After 5 days of having others cook for us, we prepared – then leisurely enjoyed – our own delicious Umbrian dinner last night. Rita greeted us with her usual smile, followed by her tail-wagging dogs Baldo, a yellow lab, and Pepito, a shaggy, soccer-playing terrier. Within seconds, she had us in the kitchen, hands washed and aprons tied. A few feet away, Rita’s husband Carlo suffered quietly while watching Italy play its final World Cup soccer match. Following Rita’s expert directions, Martha, Suzanne and Florence prepared our dessert: a strawberry tiramisù. Next, Don and Jill prepared the stinchi di maiale (pork shank), which was slow-cooked with white wine, potatoes and carrots for over 2 hours. Tracy, Cheryl and Suzanne mixed the spinach and ricotta (from sheep’s milk) dough and we all tried our hands at rolling, cutting the dough into little gnocchetti, which we dimpled with our thumbs or index fingers (the indentation helps the gnocchi gather up sauce). As soon as she realized we had a non meat-eater in our midst, Rita quickly came up with an additional dish: panzanella, a salad made with dry bread, chopped fresh tomatoes, onions, olive oil, vinegar, salt and pepper and any other ingredient you’d like to incorporate (i.e. other chopped veggies, tuna, cheese).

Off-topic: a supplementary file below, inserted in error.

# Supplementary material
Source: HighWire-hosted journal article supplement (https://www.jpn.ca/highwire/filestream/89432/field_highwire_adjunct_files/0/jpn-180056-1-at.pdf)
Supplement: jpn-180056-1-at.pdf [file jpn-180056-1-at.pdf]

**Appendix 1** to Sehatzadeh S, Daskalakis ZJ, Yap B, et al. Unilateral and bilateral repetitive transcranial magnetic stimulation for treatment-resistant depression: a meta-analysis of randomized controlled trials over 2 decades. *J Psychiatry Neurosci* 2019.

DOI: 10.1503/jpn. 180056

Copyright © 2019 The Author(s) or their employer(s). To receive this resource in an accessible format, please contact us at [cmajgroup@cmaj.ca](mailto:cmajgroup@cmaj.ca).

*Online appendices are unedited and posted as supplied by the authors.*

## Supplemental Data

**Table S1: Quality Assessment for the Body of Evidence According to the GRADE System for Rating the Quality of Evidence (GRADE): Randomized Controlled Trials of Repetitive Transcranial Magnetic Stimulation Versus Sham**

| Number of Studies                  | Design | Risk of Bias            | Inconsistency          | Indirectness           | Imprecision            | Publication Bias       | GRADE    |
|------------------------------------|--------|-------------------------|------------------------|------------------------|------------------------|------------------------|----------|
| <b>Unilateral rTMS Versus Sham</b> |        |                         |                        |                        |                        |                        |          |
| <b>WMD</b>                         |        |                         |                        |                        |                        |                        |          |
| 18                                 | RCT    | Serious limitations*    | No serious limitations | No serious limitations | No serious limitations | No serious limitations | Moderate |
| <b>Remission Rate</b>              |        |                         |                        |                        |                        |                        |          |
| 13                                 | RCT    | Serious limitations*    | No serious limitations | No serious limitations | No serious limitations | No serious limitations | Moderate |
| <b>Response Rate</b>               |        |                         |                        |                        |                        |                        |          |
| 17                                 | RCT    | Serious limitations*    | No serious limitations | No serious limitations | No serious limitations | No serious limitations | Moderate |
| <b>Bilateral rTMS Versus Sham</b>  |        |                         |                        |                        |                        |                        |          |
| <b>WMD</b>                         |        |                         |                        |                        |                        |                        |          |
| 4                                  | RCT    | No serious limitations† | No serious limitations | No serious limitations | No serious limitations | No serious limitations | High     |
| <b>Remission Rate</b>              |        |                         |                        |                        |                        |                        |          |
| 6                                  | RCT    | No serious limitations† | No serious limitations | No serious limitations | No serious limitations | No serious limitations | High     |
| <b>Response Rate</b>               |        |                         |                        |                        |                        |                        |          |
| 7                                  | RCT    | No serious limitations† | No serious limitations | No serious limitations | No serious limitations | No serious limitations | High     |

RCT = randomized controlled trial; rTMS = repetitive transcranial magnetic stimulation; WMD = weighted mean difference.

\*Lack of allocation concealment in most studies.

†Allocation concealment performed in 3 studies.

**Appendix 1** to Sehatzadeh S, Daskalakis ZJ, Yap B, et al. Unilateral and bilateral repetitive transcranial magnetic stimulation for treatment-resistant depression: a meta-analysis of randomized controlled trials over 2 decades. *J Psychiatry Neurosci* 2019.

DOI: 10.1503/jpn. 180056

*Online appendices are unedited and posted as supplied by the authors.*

By eight o’clock Carlo reappeared to pour us glasses of prosecco as we watched the sun set behind Todi. We enjoyed our slow cooked meal slowly and didn’t say ‘buona notte’ until long after 11:30, long after the last bite of tiramisù and, yes, a little glass or two of Carlo’s famous limoncello. Even nonna (Rita’s spunky 83 year-old mother) came out to greet us and share some laughs.
Although I hope many will try to repeat Rita’s recipes at home, the Italian lessons learned while cooking were equally valuable. We learned verbs like mescolare (to blend), tagliare (to cut), aggiungere (to add), bagnare (to soak or dip in liquid) and lots of food vocabulary: biscotti di Savoia (“lady fingers”), stinco (pork shank), the difference between sugo (always a tomato sauce) and other sauces labeled by ingredients or nick-name (i.e. alla carbonara, al tartufo). And a few experienced the linguistic revelation of understanding the difference between cuocere and cucinare, the two verbs that translate as “to cook”: cucinare is what a person does – i.e. Cucino bene. Abbiamo cucinato la cena while cuocere indicates what the food does – i..e La carne deve cuocere a 200 gradi per due ore; E’ cotta la pasta?). “So you’re saying that I’ve been telling people they’re cooked all of these years?” Martha asked as we all burst into laughter.